* Pro-Russia separatists not about to quit sit-ins
* Geneva agreement commits to ending occupations
* Russian speakers want Kiev nationalist camp cleared (Adds further comment, background)
By Gabriela Baczynska and Aleksandar Vasovic
DONETSK, Ukraine, April 17 (Reuters) - Pro-Russian separatists occupying public buildings in eastern Ukraine reacted to an international accord to defuse the crisis on Thursday by saying they would not agree to leave the sites before other major conditions were met.
The Ukrainian and Russian governments, along with the United States and European Union, signed an agreement in Geneva that said: "All illegal armed groups must be disarmed; all illegally seized buildings must be returned to legitimate owners; all illegally occupied streets, squares and other public places in Ukrainian cities and towns must be vacated."
Pro-Russian activists in Donetsk, the biggest city in the Russian-speaking, industrial east, said that wording meant Ukrainian nationalists still camped out on Kiev's Maidan two months after their protests overthrew the Kremlin-backed president must also clear away their barricades.
One protest leader even interpreted the Geneva deal to mean that the prime minister and acting president must step down -since they were illegally "occupying" the offices of state.
Other activists said they planned to maintain their sit-ins until they could hold a referendum next month that some believe can emulate Crimea and see the region annexed to Russia.
That risks a continuation of a sometimes violent stand-off, which the four parties in Geneva agreed would start being defused in the coming days under the auspices of monitors from the Organisation for Security and Cooperation in Europe (OSCE).
"If it means all squares and public buildings, then I guess it should start with the Maidan in Kiev," said Alexander Zakharchenko, leader of a group of martial arts athletes who are among those occupying a local government building in Donetsk. "We'll see what they do there before we make our decision here."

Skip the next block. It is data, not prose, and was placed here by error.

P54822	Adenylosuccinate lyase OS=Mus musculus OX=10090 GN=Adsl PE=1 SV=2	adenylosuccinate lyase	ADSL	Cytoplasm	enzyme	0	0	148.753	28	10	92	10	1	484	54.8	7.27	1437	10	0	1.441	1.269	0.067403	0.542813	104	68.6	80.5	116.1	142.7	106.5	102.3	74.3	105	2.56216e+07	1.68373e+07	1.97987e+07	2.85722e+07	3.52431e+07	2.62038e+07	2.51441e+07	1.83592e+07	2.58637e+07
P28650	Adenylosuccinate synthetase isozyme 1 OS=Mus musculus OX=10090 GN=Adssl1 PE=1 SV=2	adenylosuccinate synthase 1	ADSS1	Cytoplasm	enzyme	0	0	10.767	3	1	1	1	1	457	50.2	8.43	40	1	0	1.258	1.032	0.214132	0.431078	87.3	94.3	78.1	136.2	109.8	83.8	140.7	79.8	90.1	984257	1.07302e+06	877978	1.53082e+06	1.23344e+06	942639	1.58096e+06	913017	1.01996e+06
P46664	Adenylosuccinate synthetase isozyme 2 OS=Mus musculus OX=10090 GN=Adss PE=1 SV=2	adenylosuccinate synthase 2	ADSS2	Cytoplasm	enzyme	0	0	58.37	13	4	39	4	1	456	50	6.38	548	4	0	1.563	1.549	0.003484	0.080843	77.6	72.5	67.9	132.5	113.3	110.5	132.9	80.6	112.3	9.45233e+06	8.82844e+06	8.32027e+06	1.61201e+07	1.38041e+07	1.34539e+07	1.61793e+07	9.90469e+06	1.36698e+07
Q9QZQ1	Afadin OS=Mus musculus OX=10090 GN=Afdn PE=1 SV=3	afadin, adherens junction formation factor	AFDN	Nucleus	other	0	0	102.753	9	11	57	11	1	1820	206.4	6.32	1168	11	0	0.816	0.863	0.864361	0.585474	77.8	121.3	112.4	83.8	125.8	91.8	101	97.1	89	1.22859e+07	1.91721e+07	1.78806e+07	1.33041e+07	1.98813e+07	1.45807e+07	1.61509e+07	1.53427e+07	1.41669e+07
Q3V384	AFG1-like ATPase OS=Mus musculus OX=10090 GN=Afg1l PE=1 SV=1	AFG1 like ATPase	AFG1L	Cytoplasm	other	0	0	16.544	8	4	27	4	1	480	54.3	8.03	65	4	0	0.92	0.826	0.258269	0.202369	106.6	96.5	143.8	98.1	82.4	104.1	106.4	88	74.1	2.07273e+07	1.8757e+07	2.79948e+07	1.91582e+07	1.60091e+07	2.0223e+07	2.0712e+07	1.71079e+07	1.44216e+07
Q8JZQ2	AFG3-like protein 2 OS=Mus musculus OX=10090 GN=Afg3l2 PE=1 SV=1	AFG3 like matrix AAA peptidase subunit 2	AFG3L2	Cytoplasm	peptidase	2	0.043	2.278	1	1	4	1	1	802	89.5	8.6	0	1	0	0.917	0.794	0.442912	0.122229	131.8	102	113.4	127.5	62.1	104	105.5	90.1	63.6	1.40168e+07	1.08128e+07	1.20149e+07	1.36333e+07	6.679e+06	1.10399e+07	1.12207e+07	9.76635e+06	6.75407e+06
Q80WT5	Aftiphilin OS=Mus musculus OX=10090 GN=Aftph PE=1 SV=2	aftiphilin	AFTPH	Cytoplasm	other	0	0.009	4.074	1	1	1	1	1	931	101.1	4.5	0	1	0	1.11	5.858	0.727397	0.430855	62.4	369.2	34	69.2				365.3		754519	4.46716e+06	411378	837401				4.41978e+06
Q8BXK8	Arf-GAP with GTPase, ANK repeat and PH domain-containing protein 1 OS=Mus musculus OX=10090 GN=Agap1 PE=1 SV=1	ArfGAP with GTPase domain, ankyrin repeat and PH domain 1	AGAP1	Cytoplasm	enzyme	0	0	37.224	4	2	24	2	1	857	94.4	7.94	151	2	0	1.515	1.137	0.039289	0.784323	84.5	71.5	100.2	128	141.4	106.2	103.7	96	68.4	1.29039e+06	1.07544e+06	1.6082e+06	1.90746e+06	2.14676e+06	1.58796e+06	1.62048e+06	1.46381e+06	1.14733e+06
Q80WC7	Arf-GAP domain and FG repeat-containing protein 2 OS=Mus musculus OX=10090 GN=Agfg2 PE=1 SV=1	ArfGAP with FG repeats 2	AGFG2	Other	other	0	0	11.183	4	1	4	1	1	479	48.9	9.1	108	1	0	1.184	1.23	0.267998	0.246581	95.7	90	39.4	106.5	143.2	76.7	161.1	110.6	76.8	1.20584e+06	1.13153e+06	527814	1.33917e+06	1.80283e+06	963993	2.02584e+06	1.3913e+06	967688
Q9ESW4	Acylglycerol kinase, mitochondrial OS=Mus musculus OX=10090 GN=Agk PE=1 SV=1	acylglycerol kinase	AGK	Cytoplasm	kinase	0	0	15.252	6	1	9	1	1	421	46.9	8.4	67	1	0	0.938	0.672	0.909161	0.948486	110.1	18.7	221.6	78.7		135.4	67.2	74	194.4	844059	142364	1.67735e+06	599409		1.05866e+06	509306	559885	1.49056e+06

Also there, Kirill Rudenko, a spokesman for the self-declared People's Republic of Donetsk, said Prime Minister Arseny Yatseniuk and acting president Oleksander Turchinov "must liberate the buildings they are occupying and give up their posts": "Only then will we discuss what to do here in Donetsk."
The current authorities in Kiev took power when President Viktor Yanukovich fled to Russia in February after police killed dozens of protesters on Independence Square, known as Maidan.
The area is still ringed by barricades. Activists camped out there - including far-right nationalists denounced as "fascists" by Moscow and by many Russian speakers in eastern Ukraine - have said they will only leave if they are satisfied by the results of a presidential election called for May 25.
Unlike in eastern Ukraine, protesters on Maidan do not as a rule carry firearms. But they held out against deadly gunfire in February and remain suspicious of the leaders now exercising power in parliament. That poses a problem for the government if it tries to enforce a clear-out in the centre of the capital.
Despite accusations from Kiev and the West, Russia denies any hand in the takeover of public buildings in eastern Ukraine begun last week, and so can argue it is not in a position to make activists leave. It has, however, warned it might step in to protect protesters from attacks by Ukrainian authorities.
Kiev said its forces killed three militants overnight when a crowd tried to take over a military base. But it has not stormed occupied buildings and the Geneva agreement binds all sides to "refrain from violence, intimidation or provocative actions".
In Donetsk, Yevgeny, a masked separatist manning a barricade in front of the regional government building, said : "If our leaders tell us to leave, we will leave. But our demands remain - we want a regional referendum on May 11.
"We will not hand over our weapons."
His comrade, Sasha, said: "We've shown those fascists in Kiev they cannot oppress us. We will have our Donetsk republic."
The Geneva agreement commits the Kiev government to a national dialogue and it has promised to devolve more powers to the regions and protect the rights of Russian-speakers. But it opposes the kind of local referendums and federal autonomy for regions it says would lead to the break up of the country.
Nikolai Solntsev, a leader in the Donetsk People's Republic, said of the Geneva pact: "It's all just a diplomatic trick. No one is leaving here before the referendum planned for May 11." (Additional reporting by Thomas Grove in Slaviansk; Writing by Alastair Macdonald; Editing by Hugh Lawson)